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Posted: 1/15/2006 11:22:37 AM EDT
[Last Edit: 1/15/2006 12:06:46 PM EDT by Grivo_Mak]
My son has a nebulizer compressor and since he doesn't need it anymore I'm wondering if I can use it as an airbrush compressor to spray Norrells on my upper.

There's no documentation so I don't know how many psi it puts out but it seems real strong.

Anyone ever heard of doing this?


Edited to add:

I found this data: 35 psi nominal 11 lpm miminal


Is this enough to airbrush with?
Link Posted: 1/15/2006 11:24:56 AM EDT
I'm pretty sure it wont put out enough pressure, but its worth a try
Link Posted: 1/15/2006 11:36:01 AM EDT
Dude dont do that make a wicked bong out of it!
Link Posted: 1/15/2006 11:40:29 AM EDT
[Last Edit: 1/15/2006 11:41:36 AM EDT by Grivo_Mak]
Perhaps I should just put some Everclear or Vodka in the nebulizer bowl and huff away.


I know this thing has to have a good quality compressor in it but I can't figure out how powerful it is.
Link Posted: 1/15/2006 12:31:52 PM EDT
35psi is ok depending on the thickness of the paint mix.
I used to airbrush scale model a/c and used enamel and lacquer paints.
I didn't a use very high psi for them.
I think you will have more trouble finding an airtitght and proper size
coupling for the hose.
You will need a regulator as well.
Link Posted: 1/15/2006 12:41:15 PM EDT
You should be just fine with that. The viscosity of your liquid is the important factor. Use Teflon tape on all of the connections to reduce air loss.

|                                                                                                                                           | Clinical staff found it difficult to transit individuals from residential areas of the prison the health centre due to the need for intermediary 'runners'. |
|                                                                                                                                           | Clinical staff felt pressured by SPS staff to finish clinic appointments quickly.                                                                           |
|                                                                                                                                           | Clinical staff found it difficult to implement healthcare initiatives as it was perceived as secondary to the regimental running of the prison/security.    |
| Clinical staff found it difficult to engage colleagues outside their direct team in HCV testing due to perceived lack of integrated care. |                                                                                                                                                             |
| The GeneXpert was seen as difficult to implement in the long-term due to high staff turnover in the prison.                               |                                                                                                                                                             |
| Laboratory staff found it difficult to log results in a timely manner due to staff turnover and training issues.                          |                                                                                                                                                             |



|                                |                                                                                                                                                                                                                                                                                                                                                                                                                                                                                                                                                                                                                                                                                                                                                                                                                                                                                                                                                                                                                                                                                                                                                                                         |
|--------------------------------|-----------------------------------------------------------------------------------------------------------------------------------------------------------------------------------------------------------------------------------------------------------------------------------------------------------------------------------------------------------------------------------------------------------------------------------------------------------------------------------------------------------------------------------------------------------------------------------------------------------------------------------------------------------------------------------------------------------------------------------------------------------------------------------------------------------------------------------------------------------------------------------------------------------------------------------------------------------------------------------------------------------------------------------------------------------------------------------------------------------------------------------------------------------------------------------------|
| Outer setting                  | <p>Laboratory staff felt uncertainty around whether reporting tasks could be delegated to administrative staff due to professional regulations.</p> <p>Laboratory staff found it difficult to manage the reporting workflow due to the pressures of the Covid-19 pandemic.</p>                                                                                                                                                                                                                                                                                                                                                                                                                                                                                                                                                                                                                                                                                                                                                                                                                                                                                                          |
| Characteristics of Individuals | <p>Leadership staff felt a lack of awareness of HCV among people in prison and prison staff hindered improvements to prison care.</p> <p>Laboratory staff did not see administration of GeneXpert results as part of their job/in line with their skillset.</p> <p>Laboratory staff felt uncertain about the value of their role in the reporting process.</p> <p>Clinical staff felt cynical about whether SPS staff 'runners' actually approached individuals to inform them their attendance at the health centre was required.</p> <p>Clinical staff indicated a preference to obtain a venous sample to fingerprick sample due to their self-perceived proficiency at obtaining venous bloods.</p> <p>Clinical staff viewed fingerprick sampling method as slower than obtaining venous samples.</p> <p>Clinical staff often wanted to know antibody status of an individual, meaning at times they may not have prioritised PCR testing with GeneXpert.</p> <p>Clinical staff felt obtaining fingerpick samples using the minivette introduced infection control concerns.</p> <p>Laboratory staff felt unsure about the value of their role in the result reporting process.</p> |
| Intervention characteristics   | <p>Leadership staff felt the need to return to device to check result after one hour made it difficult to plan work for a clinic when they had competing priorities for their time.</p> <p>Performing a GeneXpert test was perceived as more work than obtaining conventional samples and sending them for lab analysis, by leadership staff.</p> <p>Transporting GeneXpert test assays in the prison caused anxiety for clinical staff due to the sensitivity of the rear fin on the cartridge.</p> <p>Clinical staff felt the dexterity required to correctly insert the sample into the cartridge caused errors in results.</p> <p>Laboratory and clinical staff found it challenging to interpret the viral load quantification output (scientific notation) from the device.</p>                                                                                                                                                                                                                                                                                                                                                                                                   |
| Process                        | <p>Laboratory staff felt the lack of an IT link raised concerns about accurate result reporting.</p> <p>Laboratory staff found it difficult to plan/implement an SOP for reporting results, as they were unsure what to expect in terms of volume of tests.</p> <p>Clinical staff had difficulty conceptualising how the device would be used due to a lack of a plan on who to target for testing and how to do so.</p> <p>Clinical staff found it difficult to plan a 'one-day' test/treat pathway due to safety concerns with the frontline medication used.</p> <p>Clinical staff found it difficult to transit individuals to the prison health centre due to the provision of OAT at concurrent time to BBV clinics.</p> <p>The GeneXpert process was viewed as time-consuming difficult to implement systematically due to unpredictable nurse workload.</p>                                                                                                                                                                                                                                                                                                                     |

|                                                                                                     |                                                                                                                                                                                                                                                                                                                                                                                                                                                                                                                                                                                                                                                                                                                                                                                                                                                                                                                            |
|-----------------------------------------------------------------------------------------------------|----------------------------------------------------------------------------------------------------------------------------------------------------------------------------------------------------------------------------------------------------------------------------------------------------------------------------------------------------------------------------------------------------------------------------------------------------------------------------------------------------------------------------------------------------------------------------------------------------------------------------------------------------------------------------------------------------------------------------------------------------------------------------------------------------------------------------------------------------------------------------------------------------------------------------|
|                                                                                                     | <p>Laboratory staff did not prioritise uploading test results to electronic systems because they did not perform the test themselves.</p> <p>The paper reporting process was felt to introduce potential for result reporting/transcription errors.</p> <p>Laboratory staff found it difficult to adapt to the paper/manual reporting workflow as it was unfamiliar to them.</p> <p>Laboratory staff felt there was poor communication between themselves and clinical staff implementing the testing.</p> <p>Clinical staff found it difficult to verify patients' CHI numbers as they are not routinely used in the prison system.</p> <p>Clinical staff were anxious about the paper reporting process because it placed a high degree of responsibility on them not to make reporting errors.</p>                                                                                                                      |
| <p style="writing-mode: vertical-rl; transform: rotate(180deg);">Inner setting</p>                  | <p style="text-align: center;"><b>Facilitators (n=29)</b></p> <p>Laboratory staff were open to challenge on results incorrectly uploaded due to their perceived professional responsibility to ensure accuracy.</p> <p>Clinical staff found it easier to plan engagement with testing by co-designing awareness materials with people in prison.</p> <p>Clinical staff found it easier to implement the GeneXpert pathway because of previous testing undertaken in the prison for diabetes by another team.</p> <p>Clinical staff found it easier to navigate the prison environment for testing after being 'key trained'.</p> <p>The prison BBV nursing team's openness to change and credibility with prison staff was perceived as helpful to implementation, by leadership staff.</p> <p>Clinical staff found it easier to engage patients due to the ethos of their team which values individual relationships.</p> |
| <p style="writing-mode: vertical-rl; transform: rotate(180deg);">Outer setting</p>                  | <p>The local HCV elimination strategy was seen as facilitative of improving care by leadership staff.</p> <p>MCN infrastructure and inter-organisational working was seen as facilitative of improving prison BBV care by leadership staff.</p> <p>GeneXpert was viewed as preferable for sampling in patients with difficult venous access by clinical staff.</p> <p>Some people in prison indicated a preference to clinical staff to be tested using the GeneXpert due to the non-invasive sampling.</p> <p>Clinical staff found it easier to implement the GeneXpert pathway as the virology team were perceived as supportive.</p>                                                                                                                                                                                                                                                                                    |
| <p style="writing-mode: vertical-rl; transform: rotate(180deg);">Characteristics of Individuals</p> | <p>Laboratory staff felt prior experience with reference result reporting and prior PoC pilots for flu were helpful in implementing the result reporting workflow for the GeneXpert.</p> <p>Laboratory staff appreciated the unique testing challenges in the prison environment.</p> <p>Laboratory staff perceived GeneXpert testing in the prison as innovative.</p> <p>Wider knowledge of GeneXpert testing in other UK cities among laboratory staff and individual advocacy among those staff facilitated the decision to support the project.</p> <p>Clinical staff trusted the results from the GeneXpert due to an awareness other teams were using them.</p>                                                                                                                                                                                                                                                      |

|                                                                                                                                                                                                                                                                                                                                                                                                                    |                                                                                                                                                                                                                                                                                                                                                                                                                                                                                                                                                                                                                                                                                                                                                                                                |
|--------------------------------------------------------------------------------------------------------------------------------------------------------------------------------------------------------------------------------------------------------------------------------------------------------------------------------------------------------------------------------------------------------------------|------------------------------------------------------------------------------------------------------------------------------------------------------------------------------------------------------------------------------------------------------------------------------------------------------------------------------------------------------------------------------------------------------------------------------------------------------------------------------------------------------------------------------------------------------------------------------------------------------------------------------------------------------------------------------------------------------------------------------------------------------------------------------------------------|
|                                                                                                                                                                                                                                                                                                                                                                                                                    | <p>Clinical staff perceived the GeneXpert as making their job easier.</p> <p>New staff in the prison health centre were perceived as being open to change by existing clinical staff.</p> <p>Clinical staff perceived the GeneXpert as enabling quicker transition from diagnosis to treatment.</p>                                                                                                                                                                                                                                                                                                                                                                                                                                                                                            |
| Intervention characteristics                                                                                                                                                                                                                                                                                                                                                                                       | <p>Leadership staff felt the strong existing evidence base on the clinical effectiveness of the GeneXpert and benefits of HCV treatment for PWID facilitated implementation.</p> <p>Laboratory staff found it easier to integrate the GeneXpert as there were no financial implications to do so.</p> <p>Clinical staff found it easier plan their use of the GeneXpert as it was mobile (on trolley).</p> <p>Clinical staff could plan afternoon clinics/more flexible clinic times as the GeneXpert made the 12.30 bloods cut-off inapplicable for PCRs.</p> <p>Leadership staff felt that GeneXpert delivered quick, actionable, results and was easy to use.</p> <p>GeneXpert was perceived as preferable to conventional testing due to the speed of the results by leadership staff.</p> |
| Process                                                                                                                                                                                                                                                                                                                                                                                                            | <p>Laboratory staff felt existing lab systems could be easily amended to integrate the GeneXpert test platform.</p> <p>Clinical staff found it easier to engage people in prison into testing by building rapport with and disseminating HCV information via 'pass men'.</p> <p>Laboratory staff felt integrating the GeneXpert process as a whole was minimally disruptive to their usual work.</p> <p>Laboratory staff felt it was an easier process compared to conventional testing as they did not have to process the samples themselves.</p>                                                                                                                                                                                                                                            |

Link Posted: 1/15/2006 12:44:23 PM EDT
You will need a dryer, too, if you live in a humid area.
Link Posted: 1/15/2006 12:52:43 PM EDT
35psi is plenty, especially if you are using gravity feed. You may have to experiment with the viscosity of the paint.
Link Posted: 1/15/2006 12:57:34 PM EDT
Airbrush or paint sprayer?

Airbrushes are the little metallic pen-size things with a jar of paint around the midsection that artists use. Paint sprayers are the big metallic pistol-size things with a rather largeish tank attached closer to the front like you see in auto painting shops.
Link Posted: 1/15/2006 9:31:28 PM EDT
35 and 11 are enough for an airbrush, wheither or not it can supply nthe necessary volume is another question. If you could hook up a small tank that maybe able to trap enough volume to get one upper done at a time after you took the time to build up the volume. Might be much better off to get the airbrush set at Harbor Freight. The brush looks like a copy of a Binks Wren and those are/were pretty good little airbrushes.
Link Posted: 1/15/2006 11:22:04 PM EDT

Originally Posted By PaDanby:
35 and 11 are enough for an airbrush, wheither or not it can supply nthe necessary volume is another question. If you could hook up a small tank that maybe able to trap enough volume to get one upper done at a time after you took the time to build up the volume. Might be much better off to get the airbrush set at Harbor Freight. The brush looks like a copy of a Binks Wren and those are/were pretty good little airbrushes.




The Wrens were alright, but I've always hated external mix brushes.

I have a Badger 200, an Olympos HP-18 and a Paasche VL.
The VL is a double action brush.
They've never given me problems.
Link Posted: 1/15/2006 11:28:45 PM EDT

Originally Posted By ARDunstan:

Originally Posted By PaDanby:
35 and 11 are enough for an airbrush, wheither or not it can supply nthe necessary volume is another question. If you could hook up a small tank that maybe able to trap enough volume to get one upper done at a time after you took the time to build up the volume. Might be much better off to get the airbrush set at Harbor Freight. The brush looks like a copy of a Binks Wren and those are/were pretty good little airbrushes.